9 New Year’s Traditions From Cultures Around The World
Whether you’re ringing in New Year’s Eve from some new foreign country or at home with family and friends, you probably have a New Year’s tradition or two. Common myths throughout the United States include singing “Auld Lang Syne” to greet the New Year, and eating black-eyed peas for good luck.
Around the world, cultures welcome the change of the calendar with unique New Year’s traditions of their own. Here are some of our favourite New Year’s traditions around the world (we’re especially fans of Colombia’s!).
In Spain, it is customary to eat 12 grapes – one at each stroke of the clock at midnight on New Year’s Eve. Each grape represents good luck for one month of the coming year. In bigger cities like Madrid and Barcelona, people gather in central squares to eat their grapes together and pass around bottles of cava.
In hopes of a travel-filled new year, residents of Colombia carry empty suitcases around the block. That’s one New Year’s tradition we can get behind!
Residents of Denmark greet the New Year by throwing old plates and glasses against the doors of family and friends to banish evil spirits. They also stand on chairs and jump off of them together at midnight to “leap” into January in hopes of good luck.
In Finland, people predict the coming year by casting molten tin into a container of water, then interpreting the shape the metal takes after hardening. A heart or ring means a wedding, while a ship predicts travel and a pig declares there will be plenty of food.
To drive off evil spirits for a fresh New Year’s start, it is a tradition to burn effigies (muñecos) of well-known people such as television characters and political figures in Panama. The puppets are meant to represent the old year.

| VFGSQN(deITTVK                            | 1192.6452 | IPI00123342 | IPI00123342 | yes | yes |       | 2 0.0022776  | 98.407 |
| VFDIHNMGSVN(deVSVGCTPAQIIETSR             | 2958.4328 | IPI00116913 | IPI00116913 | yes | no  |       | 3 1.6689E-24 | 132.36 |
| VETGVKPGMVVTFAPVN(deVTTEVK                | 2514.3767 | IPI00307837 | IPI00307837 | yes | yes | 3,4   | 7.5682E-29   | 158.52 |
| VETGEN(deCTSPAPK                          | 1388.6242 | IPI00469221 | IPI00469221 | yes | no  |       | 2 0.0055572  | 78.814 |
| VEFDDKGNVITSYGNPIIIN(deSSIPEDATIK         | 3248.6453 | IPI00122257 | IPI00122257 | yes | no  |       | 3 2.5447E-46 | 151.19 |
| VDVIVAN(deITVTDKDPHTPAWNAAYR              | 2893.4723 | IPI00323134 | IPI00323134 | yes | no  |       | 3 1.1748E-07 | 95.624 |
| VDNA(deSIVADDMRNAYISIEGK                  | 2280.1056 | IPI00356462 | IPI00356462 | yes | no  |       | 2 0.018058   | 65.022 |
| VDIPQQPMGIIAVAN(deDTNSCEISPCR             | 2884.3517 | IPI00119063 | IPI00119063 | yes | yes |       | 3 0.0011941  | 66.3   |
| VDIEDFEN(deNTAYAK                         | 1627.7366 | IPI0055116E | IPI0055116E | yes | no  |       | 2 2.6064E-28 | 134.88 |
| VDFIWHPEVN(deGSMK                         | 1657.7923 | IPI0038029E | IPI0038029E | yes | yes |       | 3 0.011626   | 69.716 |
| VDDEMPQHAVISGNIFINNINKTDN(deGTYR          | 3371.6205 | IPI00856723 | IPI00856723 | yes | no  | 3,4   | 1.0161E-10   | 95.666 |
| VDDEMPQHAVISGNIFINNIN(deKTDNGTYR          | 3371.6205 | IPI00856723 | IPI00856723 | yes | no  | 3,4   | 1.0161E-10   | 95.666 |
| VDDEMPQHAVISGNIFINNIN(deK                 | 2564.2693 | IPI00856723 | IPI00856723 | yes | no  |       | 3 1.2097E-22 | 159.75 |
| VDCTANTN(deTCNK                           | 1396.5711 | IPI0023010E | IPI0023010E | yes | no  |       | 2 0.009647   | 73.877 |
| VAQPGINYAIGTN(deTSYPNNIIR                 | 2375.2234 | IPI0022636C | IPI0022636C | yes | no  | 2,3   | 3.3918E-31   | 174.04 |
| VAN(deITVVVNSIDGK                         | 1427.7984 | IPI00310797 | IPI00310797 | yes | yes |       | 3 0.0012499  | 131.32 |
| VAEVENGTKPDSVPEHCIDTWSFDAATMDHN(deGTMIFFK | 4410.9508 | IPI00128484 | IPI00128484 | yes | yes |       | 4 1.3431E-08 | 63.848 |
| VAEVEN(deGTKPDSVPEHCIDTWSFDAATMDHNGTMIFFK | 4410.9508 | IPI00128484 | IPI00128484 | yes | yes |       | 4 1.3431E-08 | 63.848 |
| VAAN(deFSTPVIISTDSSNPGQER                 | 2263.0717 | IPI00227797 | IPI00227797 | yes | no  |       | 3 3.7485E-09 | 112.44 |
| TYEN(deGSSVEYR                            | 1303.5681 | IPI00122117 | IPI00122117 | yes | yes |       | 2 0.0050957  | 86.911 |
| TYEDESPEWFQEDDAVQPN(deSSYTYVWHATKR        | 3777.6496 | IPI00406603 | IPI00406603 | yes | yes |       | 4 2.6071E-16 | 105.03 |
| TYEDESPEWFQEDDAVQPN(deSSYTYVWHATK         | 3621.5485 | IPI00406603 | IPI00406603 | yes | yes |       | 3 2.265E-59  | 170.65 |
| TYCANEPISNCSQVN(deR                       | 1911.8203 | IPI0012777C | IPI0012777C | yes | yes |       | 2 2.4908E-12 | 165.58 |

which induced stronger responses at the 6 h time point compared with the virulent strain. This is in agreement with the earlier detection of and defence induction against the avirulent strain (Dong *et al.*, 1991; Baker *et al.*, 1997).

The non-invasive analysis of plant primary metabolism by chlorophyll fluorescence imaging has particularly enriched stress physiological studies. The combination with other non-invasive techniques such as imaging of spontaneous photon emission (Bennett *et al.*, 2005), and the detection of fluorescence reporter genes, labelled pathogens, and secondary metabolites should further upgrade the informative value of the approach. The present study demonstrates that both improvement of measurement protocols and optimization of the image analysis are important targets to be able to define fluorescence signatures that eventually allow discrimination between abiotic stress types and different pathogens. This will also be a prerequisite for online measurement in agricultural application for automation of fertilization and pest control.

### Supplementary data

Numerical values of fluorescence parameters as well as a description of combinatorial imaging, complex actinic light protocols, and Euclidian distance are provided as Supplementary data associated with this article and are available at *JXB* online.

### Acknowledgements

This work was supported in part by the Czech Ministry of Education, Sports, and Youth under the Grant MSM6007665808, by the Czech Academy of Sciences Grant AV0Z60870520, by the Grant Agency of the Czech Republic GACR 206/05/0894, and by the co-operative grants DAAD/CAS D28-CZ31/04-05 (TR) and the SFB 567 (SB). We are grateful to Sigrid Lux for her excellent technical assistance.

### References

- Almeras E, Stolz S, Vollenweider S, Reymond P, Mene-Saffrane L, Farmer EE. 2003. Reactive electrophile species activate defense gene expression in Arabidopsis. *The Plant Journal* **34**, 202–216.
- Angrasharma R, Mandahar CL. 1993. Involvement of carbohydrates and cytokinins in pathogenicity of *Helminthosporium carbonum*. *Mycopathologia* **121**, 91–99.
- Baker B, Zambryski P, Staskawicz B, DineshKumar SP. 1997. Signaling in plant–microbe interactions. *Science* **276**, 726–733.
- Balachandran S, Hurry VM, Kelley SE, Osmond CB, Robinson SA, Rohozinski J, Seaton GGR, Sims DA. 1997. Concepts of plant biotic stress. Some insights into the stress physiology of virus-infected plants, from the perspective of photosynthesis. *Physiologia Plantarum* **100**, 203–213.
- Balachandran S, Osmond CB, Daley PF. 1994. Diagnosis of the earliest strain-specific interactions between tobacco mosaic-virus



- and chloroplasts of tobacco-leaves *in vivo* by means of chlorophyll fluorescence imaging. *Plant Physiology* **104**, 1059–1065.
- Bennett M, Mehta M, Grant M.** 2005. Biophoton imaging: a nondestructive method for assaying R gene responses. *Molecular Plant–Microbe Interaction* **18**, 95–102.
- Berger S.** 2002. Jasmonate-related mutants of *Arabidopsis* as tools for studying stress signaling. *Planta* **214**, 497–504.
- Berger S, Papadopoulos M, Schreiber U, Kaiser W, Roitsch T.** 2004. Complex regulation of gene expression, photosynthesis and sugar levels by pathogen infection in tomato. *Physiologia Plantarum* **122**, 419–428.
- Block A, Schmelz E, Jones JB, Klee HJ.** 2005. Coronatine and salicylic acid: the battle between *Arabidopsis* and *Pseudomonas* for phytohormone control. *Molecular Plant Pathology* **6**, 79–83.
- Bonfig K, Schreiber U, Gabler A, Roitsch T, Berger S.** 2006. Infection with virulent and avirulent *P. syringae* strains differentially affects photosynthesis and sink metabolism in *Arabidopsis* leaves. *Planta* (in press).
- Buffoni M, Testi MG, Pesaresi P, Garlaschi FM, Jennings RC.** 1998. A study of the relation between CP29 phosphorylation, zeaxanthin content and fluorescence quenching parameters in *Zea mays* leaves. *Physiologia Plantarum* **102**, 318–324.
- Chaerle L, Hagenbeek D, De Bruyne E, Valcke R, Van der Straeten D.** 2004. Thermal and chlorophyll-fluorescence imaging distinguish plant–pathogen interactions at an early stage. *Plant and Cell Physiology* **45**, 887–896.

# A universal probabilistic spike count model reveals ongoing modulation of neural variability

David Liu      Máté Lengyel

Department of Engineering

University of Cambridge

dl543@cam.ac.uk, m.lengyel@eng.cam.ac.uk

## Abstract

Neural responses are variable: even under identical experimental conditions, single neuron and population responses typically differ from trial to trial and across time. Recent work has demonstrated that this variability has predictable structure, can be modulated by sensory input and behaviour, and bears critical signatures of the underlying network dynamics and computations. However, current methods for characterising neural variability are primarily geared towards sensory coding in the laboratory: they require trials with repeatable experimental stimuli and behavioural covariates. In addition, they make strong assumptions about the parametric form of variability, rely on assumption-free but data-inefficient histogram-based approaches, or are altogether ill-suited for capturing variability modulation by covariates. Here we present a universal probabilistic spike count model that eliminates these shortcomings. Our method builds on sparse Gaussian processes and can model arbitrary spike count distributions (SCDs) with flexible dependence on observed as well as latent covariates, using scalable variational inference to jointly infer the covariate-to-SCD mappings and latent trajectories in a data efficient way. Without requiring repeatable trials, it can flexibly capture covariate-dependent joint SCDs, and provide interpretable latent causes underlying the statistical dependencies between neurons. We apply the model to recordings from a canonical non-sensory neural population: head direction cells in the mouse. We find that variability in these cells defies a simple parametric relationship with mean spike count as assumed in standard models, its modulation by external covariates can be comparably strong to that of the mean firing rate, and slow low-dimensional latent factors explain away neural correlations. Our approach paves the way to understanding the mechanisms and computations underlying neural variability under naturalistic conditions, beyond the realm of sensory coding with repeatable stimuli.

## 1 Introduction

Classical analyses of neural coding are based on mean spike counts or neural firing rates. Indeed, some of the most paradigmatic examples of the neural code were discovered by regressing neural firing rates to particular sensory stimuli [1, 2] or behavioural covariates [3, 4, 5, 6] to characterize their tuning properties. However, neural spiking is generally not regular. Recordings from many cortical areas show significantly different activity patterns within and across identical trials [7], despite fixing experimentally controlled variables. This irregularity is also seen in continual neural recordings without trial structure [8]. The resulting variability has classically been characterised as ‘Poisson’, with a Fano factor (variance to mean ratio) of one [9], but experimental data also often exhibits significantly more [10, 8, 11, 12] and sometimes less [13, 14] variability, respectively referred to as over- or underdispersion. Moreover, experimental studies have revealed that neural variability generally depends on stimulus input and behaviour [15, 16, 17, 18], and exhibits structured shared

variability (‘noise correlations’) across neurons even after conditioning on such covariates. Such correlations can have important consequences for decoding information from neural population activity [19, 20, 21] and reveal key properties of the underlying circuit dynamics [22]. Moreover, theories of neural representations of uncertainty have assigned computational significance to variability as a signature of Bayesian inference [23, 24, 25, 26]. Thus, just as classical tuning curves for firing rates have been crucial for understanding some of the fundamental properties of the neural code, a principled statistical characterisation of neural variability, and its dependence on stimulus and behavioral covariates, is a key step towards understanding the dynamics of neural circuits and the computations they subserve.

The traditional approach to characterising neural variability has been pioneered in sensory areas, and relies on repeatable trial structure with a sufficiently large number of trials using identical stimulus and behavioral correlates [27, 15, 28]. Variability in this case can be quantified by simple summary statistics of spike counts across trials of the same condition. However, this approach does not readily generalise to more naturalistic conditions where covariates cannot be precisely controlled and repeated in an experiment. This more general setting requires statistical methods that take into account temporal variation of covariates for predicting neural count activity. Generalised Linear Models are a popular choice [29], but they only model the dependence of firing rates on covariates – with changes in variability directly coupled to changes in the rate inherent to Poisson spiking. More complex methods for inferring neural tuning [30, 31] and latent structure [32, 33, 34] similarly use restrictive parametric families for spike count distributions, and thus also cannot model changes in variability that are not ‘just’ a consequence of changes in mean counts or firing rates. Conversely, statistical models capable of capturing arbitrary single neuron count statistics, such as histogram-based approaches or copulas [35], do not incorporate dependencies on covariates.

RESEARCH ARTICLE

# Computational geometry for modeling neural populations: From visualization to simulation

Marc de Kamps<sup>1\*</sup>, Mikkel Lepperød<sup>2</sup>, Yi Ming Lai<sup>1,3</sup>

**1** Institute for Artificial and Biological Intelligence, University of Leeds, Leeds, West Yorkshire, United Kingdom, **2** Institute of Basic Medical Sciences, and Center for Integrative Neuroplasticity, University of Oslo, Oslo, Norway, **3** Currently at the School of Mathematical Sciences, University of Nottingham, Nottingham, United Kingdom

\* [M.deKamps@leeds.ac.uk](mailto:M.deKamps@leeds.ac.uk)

During Scotland’s New Year’s Eve celebration of Hogmanay, “first-footing” is practised across the country. The first person who crosses a threshold of a home in the New Year should carry a gift for luck. Scots also hold bonfire ceremonies where people parade while swinging giant fireballs on poles, supposedly symbols of the sun, to purify the coming year.
You’ll find round shapes all over the Philippines on New Year’s Eve as representatives of coins to symbolize prosperity in the coming year. Many families display piles of fruit on their dining tables, and some eat exactly 12 round fruits (grapes being the most common) at midnight. Many also wear polka dots for luck.
In Brazil, as well as other Central and South America countries like Ecuador, Bolivia, and Venezuela, it is thought to be lucky to wear special underwear on New Year’s Eve. The most popular colours are red, thought to bring love in the New Year, and yellow, thought to bring money.
An onion is traditionally hung on the front door of homes on New Year’s Even in Greece as a symbol of rebirth in the New Year. On New Year’s Day, parents wake their children by tapping them on the head with the onion.
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